Plans for £100m golf resort under question as rare bee is found at site
A rare bee that was thought to have become extinct in Northern Ireland 70 years ago has been found at the site where the controversial £100m Bushmills Dunes Golf Resort is to be built.
New research by the University of Reading reveals that the northern colletes bee is clinging on in just a few strongholds in Northern Ireland, including Bushfoot Strand.
Friends of the Earth (FoE) say it is shameful that one of our most threatened species could be affected by the development, which will lie close to the Giant's Causeway, Northern Ireland's only World Heritage Site.
The High Court gave the go-ahead for the golf resort and spa earlier this year after the National Trust lost a legal challenge to the planning approval granted by Environment Minister Alex Attwood.
Last year the Belfast Telegraph revealed that the Department of Environment's Species Action Plan for the northern colletes bee warns that the insects at Bushfoot Strand survive only in small aggregations and may be vulnerable to minor disturbances and changes – yet the Environment Minister approved the golf resort.
The bee is so rare that it's thought the UK could hold 50% of its entire population.
Last night the minister said he supported FoE's campaign to save the bee, saying: "I would urge the public to report solitary bee sightings to www2.habitas.org.uk/ records/ and or http://pollinators.biodiversityireland.ie/submit-records/ as solitary bees in general are under-recorded in Northern Ireland.
"With regard to the northern colletes bee specifically, Northern Ireland Environment Agency (NIEA) produced a Northern Ireland Species Action Plan for this priority species in 2006 and this plan is being implemented.
"Our recent wet summers are not good news for this bee and solitary bees in general.
"They need warm, sunny weather so on the rare days we get such weather we urge the public to look out for these fascinating creatures, as they are out and about and help NIEA conserve them by reporting any sightings."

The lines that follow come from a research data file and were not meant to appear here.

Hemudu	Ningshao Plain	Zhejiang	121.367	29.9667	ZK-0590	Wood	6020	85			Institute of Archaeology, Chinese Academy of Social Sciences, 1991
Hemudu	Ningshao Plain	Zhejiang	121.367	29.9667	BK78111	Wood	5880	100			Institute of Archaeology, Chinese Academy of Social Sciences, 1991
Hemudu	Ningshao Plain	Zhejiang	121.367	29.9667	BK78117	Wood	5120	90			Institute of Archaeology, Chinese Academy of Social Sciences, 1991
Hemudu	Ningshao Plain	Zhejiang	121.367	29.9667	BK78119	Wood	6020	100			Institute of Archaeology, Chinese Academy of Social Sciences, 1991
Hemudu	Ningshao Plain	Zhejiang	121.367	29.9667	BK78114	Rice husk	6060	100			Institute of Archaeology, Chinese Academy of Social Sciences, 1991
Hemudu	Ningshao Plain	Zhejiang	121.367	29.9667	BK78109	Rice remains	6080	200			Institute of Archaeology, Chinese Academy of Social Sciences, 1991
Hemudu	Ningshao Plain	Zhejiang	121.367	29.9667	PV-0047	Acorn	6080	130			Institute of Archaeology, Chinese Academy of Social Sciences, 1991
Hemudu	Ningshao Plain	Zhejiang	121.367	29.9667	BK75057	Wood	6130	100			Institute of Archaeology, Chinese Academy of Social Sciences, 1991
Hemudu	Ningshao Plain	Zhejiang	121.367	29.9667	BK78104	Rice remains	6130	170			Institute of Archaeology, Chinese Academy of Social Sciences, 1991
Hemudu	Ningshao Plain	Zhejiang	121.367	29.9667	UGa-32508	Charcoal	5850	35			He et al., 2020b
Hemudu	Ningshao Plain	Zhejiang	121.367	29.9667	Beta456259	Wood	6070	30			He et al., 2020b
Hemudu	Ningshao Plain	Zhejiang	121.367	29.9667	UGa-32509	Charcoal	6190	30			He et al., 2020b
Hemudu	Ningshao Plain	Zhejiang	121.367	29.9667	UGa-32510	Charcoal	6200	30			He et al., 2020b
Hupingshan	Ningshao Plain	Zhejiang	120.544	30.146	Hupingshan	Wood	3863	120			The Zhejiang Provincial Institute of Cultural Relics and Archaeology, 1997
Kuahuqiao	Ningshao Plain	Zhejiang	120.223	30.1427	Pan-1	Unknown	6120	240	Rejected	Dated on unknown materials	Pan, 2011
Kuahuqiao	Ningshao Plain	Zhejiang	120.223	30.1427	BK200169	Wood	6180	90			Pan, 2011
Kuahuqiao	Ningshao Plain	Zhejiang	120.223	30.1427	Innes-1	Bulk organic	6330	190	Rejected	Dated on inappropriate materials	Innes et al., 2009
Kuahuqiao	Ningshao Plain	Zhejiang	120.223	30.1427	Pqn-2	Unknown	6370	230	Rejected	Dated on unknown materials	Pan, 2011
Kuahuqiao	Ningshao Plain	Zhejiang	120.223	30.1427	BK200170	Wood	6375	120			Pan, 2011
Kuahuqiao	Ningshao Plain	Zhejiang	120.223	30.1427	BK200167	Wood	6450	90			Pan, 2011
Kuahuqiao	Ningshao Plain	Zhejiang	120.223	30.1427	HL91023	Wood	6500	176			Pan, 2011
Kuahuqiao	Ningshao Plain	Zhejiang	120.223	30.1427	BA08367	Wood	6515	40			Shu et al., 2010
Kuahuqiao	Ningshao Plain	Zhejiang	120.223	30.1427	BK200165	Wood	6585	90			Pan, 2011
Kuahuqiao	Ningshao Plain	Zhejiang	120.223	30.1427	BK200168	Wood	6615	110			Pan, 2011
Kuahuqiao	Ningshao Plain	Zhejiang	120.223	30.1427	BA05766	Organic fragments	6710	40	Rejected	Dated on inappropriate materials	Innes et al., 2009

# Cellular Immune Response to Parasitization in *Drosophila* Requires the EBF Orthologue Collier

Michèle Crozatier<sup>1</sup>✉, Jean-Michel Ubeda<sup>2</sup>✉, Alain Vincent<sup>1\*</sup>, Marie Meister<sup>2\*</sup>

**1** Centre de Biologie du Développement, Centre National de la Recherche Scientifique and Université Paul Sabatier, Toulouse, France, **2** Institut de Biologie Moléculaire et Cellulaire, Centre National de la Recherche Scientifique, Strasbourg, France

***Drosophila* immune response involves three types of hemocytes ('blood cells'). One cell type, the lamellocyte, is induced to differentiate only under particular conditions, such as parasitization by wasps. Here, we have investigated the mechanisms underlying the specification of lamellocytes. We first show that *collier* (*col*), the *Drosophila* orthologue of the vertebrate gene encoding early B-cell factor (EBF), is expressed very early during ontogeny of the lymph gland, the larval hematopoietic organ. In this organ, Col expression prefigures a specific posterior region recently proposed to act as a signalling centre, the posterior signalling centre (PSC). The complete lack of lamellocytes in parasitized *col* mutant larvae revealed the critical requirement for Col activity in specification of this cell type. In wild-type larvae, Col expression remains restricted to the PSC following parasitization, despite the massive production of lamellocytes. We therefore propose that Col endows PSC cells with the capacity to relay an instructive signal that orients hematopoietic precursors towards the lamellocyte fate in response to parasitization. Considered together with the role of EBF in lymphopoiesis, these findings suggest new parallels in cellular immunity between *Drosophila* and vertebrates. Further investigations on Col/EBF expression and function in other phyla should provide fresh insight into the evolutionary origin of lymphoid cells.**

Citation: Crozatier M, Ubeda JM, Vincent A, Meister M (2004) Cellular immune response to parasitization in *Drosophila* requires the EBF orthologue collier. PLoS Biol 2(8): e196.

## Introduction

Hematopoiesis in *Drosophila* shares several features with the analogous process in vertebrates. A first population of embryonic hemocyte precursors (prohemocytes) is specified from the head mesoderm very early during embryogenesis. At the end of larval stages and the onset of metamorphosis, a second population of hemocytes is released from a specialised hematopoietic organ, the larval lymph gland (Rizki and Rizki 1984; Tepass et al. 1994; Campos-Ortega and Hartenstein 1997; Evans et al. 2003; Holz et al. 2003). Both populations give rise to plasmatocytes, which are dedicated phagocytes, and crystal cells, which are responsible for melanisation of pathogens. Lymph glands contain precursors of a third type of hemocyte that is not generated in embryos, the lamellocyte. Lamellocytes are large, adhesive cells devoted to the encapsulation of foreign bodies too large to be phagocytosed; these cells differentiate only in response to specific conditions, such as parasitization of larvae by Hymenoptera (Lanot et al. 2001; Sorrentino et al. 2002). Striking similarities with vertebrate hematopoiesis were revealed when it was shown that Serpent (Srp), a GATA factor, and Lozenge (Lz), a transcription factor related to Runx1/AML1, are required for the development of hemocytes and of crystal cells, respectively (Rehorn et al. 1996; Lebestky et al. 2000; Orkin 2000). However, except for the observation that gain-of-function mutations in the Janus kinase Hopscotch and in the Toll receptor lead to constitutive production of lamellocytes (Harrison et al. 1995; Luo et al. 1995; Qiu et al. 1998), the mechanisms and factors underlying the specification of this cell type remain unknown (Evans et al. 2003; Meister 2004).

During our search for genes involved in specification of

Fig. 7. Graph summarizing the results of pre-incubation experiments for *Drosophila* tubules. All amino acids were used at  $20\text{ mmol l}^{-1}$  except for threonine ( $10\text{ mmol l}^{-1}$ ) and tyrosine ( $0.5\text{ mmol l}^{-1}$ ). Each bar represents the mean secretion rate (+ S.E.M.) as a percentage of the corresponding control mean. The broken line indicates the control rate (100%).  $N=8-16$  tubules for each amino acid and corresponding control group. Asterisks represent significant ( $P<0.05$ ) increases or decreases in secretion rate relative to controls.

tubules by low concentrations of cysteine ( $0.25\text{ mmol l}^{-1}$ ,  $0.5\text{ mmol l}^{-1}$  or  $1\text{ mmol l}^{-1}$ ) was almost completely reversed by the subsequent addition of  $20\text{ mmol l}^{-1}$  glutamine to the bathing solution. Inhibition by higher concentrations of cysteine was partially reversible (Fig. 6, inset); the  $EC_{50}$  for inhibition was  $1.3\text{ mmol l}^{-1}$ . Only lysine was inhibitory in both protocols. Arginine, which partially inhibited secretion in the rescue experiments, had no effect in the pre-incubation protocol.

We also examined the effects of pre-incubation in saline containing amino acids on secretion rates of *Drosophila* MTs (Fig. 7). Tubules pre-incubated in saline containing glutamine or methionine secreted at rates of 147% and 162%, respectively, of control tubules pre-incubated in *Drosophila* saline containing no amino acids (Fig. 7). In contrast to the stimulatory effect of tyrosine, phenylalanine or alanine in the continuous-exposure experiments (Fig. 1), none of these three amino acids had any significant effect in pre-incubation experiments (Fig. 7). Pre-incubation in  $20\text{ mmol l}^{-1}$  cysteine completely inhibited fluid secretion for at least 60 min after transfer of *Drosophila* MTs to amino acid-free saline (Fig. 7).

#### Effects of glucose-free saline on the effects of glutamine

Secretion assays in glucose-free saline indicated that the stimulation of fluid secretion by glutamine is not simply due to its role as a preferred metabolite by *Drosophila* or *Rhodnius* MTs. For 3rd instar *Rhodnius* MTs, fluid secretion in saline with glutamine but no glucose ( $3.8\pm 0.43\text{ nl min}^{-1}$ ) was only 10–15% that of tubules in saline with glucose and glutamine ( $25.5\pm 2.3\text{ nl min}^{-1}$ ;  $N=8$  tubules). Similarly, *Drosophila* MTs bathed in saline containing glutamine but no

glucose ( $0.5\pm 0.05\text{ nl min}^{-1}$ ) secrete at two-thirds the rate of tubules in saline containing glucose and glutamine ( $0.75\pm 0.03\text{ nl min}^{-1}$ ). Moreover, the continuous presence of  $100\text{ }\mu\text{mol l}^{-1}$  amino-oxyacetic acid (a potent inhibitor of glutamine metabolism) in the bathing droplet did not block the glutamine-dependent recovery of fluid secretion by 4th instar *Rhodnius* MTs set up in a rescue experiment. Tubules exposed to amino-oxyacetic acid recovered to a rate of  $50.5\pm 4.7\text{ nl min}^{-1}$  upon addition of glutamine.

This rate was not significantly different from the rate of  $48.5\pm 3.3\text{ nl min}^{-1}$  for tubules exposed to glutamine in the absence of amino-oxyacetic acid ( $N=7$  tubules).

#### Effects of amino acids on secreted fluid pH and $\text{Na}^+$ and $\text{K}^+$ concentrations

FoE NI director James Orr said: "The court decided that Runkerry (the Bushmills Dunes development) can go ahead but it is shameful that one of our most threatened species could be affected by this development in the setting of our only World Heritage Site."
The organisation said the northern colletes bee is highly dependent on wildflowers of the carrot and parsley family.
Its near extinction is linked to the loss of these wildflowers due to intensified farming and urban development such as golf courses.
Identified in 2003 after being presumed extinct in Northern Ireland, the bee can be seen in Ballymaclary nature reserve, Portstewart, White Park Bay, Bushfoot Strand and Umbra nature reserve, Limavady.
FoE said this is because of sensitive grassland management, but more help is needed to join up isolated populations and habitats and that is where people across Northern Ireland can make a difference.
The group said the plight of the northern colletes bee is part of a wider decline in UK bee populations. The UK has lost 20 species of bee since 1900.
A 2012 study showed it would cost farmers £1.8bn a year to replace the pollination service that bees provide for free.
FoE is calling on people to raise the issue of bee decline with their MPs and MLAs, asking them to support a Bee Action Plan and support action to help bees, including identifying and protecting local sites that are important to bees, through the planning system.
It is also urging people to plant bee-friendly flowers and to visit the website at www.foe.co.uk/bees.
Northern colletes bee
Appearance: reddish-gold hair mixed with black on the thorax, and a black abdomen. Males are smaller and paler than females.
Best place to see: Portstewart.
Loves: Plants in carrot and parsley family.
Distribution: The UK makes up 50% of this bee's entire global population.